We will do it by induction on $|G|$. If $G$ has just one subgroup of index $p$ then clearly that subgroup is normal, so let $H_1$ and $H_2$ be distinct subgroups of index $p$. We then have that $|H_1H_2|$ is a multiple of $|H_1|$, but due to the choice of $p$ we must in fact have $H_1H_2 = G$ which means that if we let $K = H_1 \cap H_2$ then $K$ has index $p$ in $H_1$ and $H_2$ so by induction we know that $K$ is normal in $H_1$ and $H_2$ and thus normal in $G$. Now we know that $G/K$ has order $p^2$ so it is abelian. Now since both $H_1$ and $H_2$ contain $K$ they correspond to subgroups of $G/K$ and since this is abelian, they correspond to normal subgroups, which shows that they are normal in $G$ as desired.

share|cite|improve this answer
How is it clear that if $G$ only have one subgroup of index $p$, it must be normal? – leo Jun 3 '13 at 18:54
@leo If a group has only one subgroup of some fixed order, then that subgroup is normal, since any conjugate of a subgroup is a subgroup of the same order. – Tobias Kildetoft Jun 3 '13 at 18:55
That is a very neat argument which I have not seen before. – Geoff Robinson Apr 12 at 8:54
@GeoffRobinson Yeah, I found it quite appealing as well when I found it, though it does slightly hide some technicalities in the fact that it uses that groups of order $p^2$ are abelian. – Tobias Kildetoft Apr 12 at 9:09
That's OK!- but you could finish in other ways too. Since $H_{1}H_{2} = G$, it is clear that $H_{1}$ and $H_{2}$ are not $G$- conjugate (and we may assume that $H_{2}$ does not normalize $H_{1}$). Then $H_{1}$ has $p$ different conjugates, all containing $K$, which forces $H_{2}$ to be normal as it is the only other subgroup of index $p$ containing $K$ ( just by counting). – Geoff Robinson Apr 12 at 9:18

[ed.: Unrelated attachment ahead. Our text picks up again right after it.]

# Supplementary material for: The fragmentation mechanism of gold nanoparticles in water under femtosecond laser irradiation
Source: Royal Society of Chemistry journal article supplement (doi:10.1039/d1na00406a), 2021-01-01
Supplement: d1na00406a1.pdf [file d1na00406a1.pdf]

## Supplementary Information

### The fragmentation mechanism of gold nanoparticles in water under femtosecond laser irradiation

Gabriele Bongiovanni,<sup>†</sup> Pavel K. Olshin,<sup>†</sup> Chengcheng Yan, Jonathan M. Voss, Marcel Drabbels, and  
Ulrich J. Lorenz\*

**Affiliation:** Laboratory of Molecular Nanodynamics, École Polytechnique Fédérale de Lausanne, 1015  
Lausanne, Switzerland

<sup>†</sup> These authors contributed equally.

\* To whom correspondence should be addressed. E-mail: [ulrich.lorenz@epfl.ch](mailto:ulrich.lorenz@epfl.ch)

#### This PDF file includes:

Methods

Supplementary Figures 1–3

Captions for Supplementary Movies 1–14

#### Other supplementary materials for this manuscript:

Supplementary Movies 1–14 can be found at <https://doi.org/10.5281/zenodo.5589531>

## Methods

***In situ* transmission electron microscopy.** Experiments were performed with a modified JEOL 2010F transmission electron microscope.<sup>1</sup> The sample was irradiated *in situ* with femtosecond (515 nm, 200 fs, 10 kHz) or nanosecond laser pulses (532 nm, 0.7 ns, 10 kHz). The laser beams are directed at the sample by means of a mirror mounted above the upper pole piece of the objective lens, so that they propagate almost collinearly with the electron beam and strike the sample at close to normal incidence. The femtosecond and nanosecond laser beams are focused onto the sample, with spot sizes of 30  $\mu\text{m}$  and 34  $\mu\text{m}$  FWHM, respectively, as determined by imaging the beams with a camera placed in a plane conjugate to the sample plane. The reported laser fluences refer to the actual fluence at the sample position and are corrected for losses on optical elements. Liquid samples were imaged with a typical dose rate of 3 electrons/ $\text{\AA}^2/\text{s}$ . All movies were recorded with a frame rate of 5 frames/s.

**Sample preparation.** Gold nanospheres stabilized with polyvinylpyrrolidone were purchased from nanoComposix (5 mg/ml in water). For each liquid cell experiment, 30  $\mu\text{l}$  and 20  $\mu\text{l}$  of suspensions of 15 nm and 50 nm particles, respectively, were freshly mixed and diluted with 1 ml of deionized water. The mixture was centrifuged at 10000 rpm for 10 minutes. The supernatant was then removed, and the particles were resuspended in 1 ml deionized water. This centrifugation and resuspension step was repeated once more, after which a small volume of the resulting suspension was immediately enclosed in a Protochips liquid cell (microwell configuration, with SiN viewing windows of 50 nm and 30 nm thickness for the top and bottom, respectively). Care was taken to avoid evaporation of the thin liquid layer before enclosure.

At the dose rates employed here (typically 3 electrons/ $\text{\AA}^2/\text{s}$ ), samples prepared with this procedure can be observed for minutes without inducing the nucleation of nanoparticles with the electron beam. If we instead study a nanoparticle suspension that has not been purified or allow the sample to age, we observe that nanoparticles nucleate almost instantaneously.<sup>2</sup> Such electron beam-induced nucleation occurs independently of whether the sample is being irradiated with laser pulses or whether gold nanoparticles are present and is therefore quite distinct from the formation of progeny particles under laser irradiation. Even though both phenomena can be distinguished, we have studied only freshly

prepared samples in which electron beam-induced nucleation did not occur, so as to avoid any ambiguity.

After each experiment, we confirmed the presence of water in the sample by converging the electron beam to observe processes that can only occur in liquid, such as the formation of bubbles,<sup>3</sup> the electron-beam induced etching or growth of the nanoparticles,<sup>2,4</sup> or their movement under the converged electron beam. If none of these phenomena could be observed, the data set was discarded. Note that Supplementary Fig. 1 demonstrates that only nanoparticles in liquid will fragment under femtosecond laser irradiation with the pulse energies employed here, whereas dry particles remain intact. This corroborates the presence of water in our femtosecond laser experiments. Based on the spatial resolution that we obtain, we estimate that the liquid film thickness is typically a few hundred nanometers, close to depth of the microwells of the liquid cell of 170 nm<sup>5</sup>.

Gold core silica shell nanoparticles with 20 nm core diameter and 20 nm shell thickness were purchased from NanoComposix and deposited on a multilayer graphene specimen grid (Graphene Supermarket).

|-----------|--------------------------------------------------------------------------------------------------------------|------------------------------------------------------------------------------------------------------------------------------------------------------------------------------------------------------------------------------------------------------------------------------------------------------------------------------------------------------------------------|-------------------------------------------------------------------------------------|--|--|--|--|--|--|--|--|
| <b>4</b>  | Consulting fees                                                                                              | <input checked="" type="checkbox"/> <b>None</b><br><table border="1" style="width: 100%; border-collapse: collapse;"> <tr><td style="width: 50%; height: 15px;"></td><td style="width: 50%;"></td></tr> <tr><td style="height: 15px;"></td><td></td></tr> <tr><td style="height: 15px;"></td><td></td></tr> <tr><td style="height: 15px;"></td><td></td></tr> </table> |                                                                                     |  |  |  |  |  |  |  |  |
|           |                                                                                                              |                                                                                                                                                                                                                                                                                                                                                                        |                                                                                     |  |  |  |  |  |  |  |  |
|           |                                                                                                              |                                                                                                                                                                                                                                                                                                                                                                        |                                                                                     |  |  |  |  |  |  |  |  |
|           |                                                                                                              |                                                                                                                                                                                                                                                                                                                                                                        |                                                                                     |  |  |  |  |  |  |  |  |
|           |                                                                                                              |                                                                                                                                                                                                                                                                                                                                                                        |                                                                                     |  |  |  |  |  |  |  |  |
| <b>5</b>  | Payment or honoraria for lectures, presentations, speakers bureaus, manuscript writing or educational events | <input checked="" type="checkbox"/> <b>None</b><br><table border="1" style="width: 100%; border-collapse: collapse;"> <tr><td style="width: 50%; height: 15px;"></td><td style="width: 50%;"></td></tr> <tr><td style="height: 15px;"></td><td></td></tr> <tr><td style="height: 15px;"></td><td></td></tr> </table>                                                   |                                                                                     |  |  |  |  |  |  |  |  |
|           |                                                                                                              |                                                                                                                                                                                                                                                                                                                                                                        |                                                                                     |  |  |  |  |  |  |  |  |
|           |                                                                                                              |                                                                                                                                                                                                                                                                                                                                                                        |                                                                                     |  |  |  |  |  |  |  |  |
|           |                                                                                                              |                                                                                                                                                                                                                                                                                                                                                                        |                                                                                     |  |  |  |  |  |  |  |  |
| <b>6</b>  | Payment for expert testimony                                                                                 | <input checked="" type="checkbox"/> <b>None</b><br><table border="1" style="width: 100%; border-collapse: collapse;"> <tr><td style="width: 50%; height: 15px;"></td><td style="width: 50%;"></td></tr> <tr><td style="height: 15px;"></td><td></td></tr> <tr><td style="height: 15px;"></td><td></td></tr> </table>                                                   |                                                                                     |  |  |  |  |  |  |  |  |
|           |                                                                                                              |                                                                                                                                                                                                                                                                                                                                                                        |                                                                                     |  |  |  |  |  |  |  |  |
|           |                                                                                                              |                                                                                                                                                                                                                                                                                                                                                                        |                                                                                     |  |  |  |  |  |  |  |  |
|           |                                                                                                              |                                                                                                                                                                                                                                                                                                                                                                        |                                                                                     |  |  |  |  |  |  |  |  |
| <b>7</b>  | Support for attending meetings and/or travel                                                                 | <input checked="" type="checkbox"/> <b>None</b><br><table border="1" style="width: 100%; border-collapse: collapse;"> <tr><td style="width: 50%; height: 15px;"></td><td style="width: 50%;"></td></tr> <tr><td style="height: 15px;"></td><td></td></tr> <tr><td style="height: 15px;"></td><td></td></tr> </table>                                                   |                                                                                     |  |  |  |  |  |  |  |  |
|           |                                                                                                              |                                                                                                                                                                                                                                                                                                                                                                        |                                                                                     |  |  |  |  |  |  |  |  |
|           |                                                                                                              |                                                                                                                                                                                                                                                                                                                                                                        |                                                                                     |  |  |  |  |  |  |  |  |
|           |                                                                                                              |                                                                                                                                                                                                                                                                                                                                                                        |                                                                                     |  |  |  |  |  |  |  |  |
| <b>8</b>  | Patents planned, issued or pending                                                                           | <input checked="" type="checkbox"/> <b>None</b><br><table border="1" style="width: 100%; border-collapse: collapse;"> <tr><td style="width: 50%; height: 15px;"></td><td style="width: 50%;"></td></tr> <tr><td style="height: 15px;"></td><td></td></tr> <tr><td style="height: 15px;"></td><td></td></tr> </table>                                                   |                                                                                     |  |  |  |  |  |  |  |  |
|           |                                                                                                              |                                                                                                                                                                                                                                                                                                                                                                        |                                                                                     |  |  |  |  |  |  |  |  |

Hint: Let $G$ act on $G/H$ by left multiplication. This gives you a homomorphism $G\to S_p$. Try to show that $H$ is the kernel of this map--note that if $q$ is a prime larger than $p$ then $q\nmid p!$.

share|cite|improve this answer
Better: Note that $H$ leaves $H$ fixed, hence we get $H\to S_{p-1}$ - and that $q\ge p$ (we can't rule out $q=p$) implies $q\nmid(p-1)!$. – Hagen von Eitzen Feb 10 '13 at 10:28
@HagenvonEitzen This is practically the same idea--this was just perhaps why my answer was in "hint" form. – Alex Youcis Feb 10 '13 at 10:31
It just looked to me like your hint would silently assume that $p^2\nmid |G|$. – Hagen von Eitzen Feb 10 '13 at 10:59

proof: If $H$ is not normal then assume $H\neq H^g$. Then $$|HH^g|=|H|\dfrac{|H|}{|H\cap H^g|}$$.

Notice that $\dfrac{|H|}{|H\cap H^g|}\geq p$. Thus, $|HH^g|\geq G$. We must have $HH^g=G$.

$g=hg^{-1}kg$ for some $h,k\in H$. Then $g=kh\in H$. As a result $H=H^g$ which is a contradiction.

share|cite|improve this answer

Since $[G: H]=2$, the group $G$ has only two distinct left cosets and only two distinct right cosets.

Now $H$ itself is a left as well as a right coset in $G$. Let $a \in G$. If $a \in H$, then $$aH=H=Ha$$.

Suppose $a$ does not belong to $H$.Then $aH \neq H$. Hence $G=H \cup aH$ and $H \cap aH= \varnothing$. Then $aH=G-H$. Since $a$ does not belong to $H$ and $G$ has only two right cosets, we find that $G= H \cup Ha$ where $H \cap Ha= \varnothing $. Thus $Ha=G-H$. Hence $Ha=aH$.Thus we find that $aH=Ha$ for all $a \in G$ and so $H$ is a normal subgroup of $G$.

share|cite|improve this answer
The OP is asking for a generalization of the $p=2$ case, not a proof of the $p=2$ case. Also, unfortunately this proof does not generalize for larger primes. – Arturo Magidin Jun 28 '12 at 17:02

Your Answer


By posting your answer, you agree to the privacy policy and terms of service.

Not the answer you're looking for? Browse other questions tagged or ask your own question.